…..“How are you feeling?” Ted asked.
…..Alice shrugged, absently touching the bruise on his shoulder. “Okay, I guess,” she said.

Too much? (S’up to you!)

Attribution becomes a bit more complicated with three or more characters depicted in a conversation. But the same rules (usually) apply. Use only sufficient attribution necessary to avoid confusion, or to give slight visual cues that can add clarity to the scene that would otherwise look like:

…..“How are you feeling?”
…..“Pretty well, thanks.”
…..“Not me. I bruised my shoulder.”

Okay, so who’s saying what? The simple fix is:

…..“How are you feeling?” Ted asked.
…..“Okay, I guess,” Alice replied.
…..Richard shrugged, absently touching the bruise on his shoulder. “Yeah, I’ve been better.”

Numerous variables apply when considering attributes, and you’ll quickly realize what sort of stylistic cadence best suits your needs:

…..“How are you feeling?” Ted asked.
…..Richard stared forlornly at the overturned bus and said nothing.
…..Alice touched the bruise on her shoulder. “I’ve been better.” She shook her head, wondering how the hell the accident even happened.

Another concern is avoiding repetition that might quickly lead to reader fatigue, such as when resorting to this sort of mindless overload:

……“How are you feeling?” Ted asked.
……“Pretty well, thanks,” Alice said.
……“I think I bruised my shoulder,” Richard said.
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…..“I should take a look,” Ted said.
……“I bandaged him up last night,” Alice said.
……“I think I’ll be okay,” Richard said.
……“Let’s see if we can fix this thing,” Ted said.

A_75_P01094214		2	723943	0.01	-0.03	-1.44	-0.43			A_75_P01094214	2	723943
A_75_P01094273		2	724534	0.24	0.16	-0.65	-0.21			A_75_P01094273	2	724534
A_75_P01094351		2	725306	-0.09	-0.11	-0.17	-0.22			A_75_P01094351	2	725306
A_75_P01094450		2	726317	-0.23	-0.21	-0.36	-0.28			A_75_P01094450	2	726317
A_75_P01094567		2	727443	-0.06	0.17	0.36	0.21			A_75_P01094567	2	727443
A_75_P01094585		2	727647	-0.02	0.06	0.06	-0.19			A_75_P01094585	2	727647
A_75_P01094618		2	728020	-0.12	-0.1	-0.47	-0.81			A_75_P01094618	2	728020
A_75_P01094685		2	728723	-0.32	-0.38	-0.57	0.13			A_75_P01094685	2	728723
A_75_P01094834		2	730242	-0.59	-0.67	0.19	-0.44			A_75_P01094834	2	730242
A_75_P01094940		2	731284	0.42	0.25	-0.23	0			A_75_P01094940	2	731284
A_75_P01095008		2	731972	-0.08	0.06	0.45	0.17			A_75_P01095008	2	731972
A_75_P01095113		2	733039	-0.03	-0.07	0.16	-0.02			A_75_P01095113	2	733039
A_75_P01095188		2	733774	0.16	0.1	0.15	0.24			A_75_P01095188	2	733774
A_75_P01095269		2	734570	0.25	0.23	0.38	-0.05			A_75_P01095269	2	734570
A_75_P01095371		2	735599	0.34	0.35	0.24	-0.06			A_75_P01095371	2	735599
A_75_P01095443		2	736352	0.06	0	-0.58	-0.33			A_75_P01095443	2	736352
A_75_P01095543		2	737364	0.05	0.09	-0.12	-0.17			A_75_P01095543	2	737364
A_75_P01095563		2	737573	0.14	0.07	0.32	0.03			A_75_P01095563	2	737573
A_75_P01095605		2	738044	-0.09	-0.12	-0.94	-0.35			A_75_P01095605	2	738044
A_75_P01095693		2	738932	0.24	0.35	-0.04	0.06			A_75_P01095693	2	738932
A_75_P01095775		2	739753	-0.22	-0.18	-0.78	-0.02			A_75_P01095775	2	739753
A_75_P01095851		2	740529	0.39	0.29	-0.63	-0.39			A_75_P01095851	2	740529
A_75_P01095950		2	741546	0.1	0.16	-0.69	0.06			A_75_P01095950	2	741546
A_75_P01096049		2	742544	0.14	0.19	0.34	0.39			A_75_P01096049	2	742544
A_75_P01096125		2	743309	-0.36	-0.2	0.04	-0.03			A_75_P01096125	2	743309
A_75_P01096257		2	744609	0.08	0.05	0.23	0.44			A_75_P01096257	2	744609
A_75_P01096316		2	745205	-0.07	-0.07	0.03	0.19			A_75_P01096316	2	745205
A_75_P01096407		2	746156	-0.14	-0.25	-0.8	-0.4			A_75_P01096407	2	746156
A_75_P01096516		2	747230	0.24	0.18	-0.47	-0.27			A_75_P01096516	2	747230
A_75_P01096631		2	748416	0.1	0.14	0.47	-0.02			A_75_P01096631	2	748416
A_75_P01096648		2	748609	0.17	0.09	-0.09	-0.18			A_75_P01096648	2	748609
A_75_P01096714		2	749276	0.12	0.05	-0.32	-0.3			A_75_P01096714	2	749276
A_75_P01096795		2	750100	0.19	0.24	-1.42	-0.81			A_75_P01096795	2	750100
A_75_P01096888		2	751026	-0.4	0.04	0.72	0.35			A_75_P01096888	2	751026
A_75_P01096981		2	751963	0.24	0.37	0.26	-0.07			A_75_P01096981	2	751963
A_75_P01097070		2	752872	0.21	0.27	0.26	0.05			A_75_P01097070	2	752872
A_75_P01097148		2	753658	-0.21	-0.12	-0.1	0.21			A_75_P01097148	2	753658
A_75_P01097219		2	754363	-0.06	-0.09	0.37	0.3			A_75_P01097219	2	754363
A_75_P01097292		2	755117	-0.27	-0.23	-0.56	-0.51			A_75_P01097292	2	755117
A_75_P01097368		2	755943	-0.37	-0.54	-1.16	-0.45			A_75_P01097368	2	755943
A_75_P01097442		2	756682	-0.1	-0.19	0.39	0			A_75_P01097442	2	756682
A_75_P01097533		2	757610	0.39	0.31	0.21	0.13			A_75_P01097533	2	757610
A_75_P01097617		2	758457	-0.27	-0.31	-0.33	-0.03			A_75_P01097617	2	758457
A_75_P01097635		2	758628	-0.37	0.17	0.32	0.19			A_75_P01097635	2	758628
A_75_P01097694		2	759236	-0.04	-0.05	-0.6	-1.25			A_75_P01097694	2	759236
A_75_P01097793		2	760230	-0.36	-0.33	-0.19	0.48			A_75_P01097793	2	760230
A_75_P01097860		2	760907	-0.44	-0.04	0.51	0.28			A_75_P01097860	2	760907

.It’s perfectly acceptable to add longer snippets of visual clarity during a conversation as well. Typically during conversations—especially longer conversations—one’s characters can subtly continue to move the plot forward.

…..“How are you feeling?” Ted asked.
…..“Pretty well, thanks,” Alice said. She shook her head, wondering how the hell the accident had happened. The last thing she remembered was Richard’s cry of alarm as the bus suddenly swerved off the road and began to tumble down the embankment. “I don’t even know what happened.”
…..“A deer ran out in front of us,” Richard said, remembering the moment. “I’m sorry. I guess I overreacted a bit. Is the bus totaled?
…..Alice nodded. “Yeah, we’re not going anyway soon.”

Even during conversations, your characters should be physically or mentally active. (I mean, how many motionless conversations have you had?) If your characters are little more than limp stick figures throughout the conversation, with little or no visual stimulation or forward momentum, that scene may very quickly become a talking heads scene—and even if the information imparted is important, you may lose a reader’s interest. So, yes, while dialogue is important, active dialogue is crucial. In fact, it’s now a rule:

Rule #55: Don’t just write dialogue, write active dialogue. Avoid ‘talking heads’ scenes by maintaining visual stimulation or plot momentum during intense scenes of dialogue. In other words, if you depict two characters attempting to diffuse a ticking time bomb with thirty-seconds remaining on the timer, they don’t stop diffusing the bomb to carry on a conversation. Keep the plot moving.